Afghanistan is appealing to European donors to open their wallets at an international donors' conference Wednesday, arguing that jobs created through development projects will help stem the tide of migrants that is destabilizing the European continent.
High unemployment combined with growing insecurity drove nearly 200,000 Afghans to Europe last year, exacerbating the global migrant crisis.
European nations have struggled to cope with the flood of young Afghan asylum seekers, and exerted pressure on Afghanistan to roll back the human exodus.
"If we hesitate to address the migration issue, public opinion in European countries will change, and this could impact aid," Eklil Hakimi, Afghanistan's finance minister, told Afghan lawmakers Sunday.
Salahuddin Rabbani, the Afghan foreign minister, added that European nations have warned Afghanistan that it risked a reduction in aid if it did not act on migration.
"The migrant crisis has changed politics in the host countries," Rabbani told members of Afghanistan's lower house of Parliament. "They have put forward strict immigration laws and repeatedly asked Afghanistan to take responsibility for its asylum seekers."
Afghan officials say they can stop the migration to Europe, but they need international support to create jobs that will keep the youth in the country.
Support for Afghanistan
The two officials are accompanying President Ashraf Ghani and CEO Dr. Abdullah Abdullah to the Brussels conference where Afghanistan will present its new national peace and development framework — a five-year reform, governance and economic development plan.
Afghanistan and the European Union are co-hosting the conference, which will be attended by representatives from more than 70 countries and 20 international organizations and agencies. U.N. Secretary General Ban Ki-moon and U.S. Secretary of State John Kerry are among conference speakers.
The development framework, which aims to "achieve self-reliance and increase the welfare of [the Afghan] people," requires billions of dollars in funding.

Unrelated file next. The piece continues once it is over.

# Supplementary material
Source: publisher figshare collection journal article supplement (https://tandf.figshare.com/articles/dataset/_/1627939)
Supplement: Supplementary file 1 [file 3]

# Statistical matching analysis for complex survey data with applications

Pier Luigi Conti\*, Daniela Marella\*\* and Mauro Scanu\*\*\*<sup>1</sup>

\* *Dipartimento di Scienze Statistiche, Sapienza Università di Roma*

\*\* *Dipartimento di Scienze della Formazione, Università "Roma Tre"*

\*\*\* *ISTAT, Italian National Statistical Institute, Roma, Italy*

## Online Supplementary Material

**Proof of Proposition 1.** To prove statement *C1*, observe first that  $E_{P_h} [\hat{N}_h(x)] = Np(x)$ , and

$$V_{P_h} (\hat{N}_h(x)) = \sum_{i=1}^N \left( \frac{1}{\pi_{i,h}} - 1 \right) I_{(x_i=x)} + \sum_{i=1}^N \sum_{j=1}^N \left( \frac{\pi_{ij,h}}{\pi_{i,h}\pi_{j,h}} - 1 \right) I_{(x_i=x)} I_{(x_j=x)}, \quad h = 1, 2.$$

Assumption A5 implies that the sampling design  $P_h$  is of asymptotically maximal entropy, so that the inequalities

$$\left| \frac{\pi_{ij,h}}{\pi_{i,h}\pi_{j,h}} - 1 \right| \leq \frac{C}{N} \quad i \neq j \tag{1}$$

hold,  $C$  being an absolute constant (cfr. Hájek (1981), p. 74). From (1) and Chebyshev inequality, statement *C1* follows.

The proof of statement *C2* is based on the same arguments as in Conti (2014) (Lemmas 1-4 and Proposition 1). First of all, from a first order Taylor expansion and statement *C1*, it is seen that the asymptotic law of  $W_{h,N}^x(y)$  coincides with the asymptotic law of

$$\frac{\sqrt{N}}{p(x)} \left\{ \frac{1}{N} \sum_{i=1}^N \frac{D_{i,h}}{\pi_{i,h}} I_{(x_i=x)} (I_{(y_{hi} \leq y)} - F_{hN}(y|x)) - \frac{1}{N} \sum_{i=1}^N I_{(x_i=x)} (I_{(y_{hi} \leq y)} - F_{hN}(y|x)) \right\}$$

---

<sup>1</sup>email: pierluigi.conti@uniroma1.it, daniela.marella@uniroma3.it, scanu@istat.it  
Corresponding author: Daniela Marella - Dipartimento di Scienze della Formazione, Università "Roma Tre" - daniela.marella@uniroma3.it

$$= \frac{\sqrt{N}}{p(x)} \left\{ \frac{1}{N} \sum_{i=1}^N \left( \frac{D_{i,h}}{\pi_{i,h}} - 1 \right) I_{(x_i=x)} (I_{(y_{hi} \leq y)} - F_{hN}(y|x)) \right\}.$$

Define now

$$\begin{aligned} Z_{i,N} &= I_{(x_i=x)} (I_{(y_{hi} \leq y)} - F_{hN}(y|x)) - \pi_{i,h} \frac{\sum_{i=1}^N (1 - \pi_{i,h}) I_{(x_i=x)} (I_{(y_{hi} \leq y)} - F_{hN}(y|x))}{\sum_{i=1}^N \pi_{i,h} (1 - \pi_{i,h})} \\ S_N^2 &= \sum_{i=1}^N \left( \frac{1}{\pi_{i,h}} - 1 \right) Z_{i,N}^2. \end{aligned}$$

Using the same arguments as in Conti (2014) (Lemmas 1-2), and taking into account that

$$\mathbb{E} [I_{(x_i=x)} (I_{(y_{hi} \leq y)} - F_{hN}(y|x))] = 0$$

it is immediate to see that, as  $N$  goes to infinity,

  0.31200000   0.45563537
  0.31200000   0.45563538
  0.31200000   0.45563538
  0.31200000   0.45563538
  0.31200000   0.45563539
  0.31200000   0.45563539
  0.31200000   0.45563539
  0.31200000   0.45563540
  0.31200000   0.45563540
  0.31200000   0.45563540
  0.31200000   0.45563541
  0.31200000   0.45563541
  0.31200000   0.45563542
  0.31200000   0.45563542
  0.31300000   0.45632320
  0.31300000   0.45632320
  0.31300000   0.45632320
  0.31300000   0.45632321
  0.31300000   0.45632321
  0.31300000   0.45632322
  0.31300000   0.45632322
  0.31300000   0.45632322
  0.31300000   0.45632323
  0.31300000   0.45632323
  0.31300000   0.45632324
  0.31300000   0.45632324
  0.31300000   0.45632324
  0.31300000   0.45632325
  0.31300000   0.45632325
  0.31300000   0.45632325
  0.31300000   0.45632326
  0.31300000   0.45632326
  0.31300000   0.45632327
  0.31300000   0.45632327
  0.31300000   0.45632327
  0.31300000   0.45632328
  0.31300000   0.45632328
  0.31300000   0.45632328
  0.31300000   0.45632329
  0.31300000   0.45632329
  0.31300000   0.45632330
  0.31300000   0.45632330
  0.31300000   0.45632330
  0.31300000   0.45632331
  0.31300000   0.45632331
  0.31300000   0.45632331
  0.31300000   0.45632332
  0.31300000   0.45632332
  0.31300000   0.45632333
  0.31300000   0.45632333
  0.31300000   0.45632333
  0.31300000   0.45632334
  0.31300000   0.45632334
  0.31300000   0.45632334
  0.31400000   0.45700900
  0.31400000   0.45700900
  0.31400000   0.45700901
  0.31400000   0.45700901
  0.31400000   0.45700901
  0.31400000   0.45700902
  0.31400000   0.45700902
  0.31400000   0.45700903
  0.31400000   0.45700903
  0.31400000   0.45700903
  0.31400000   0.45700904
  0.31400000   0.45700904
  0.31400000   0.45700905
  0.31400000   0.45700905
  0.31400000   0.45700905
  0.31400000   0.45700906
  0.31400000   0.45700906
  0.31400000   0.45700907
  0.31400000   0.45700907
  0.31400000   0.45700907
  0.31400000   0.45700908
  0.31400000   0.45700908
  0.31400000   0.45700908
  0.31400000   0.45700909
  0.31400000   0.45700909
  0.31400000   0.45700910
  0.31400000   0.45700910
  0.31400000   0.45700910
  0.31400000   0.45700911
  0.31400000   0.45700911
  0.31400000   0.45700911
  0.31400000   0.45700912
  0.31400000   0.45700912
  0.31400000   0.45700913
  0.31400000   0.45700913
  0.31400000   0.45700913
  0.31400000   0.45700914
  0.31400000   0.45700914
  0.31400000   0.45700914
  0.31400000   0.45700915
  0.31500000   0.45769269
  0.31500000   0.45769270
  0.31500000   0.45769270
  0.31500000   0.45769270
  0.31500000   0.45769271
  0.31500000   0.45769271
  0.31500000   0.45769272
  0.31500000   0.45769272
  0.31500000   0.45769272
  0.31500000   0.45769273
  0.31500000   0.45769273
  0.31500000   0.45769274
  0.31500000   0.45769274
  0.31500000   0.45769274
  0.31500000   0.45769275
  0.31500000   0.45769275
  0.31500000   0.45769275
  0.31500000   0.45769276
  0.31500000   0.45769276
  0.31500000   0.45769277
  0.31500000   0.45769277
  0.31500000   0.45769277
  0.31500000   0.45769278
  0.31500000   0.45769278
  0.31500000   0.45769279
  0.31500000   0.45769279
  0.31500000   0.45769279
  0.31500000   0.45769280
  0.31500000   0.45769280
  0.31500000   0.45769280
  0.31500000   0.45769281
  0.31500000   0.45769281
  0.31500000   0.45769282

Hakimi estimated that donors will pledge $3.5 billion toward financing the development plan.
Among major donors, Britain said this week it would provide almost $1 billion in development aid to Afghanistan over the next five years.
A State Department spokesman declined to say how much the U.S. planned to commit and referred questions to the conference organizers.
James Cunningham, who served as U.S. ambassador to Kabul from 2012 to 2014, said there is wide support for continued commitment to Afghanistan.
"Another cause for optimism is it's pretty unprecedented to have that degree of international agreement on almost anything," Cunningham said Monday, speaking on a panel about Afghanistan at the Brookings Institution in Washington.
While asking for billions of dollars in funding, Afghanistan is also pledging to wean itself off foreign aid through economic growth and job creation. The development plan envisions Afghanistan's reliance on foreign aid dropping from 70 percent of government expenditure to 40/50 percent by 2020, as domestic revenue grows from 10.3 percent of GDP to about 14.0 percent of GDP.
Job creation will be key not only to reducing reliance to foreign aid, but also to stopping the mass migration from the country.
Without "a big increase in jobs, Afghans will continue to resort to desperate measures such as illicit narcotics production, out-migration, and joining violent criminal networks," according to a draft of the development plan.
The plan will take time to bear fruit and will require sustained donor support.
"The sustainable development that will help Afghanistan meet its many challenges, bring an end to poverty, and ensure security and stability for our country will take longer than a single generation to realize," the plan says.
The Brussels conference comes less than three months after NATO leaders met in Warsaw and agreed to fund Afghanistan's security forces for the next four years, to the tune of $3 billion.
The U.S. provides roughly $3.5 billion annually in support of the 350,000 members of the Afghan armed forces, in addition to about $1 billion in development aid.
The United States and its partners have a shared interest in supporting Afghanistan's reform and development agenda, Cunningham said.
"The planks are already in place to demonstrate there is going to be long-term international engagement in Afghanistan," he said.
VOA's Afghanistan Service contributed to this report.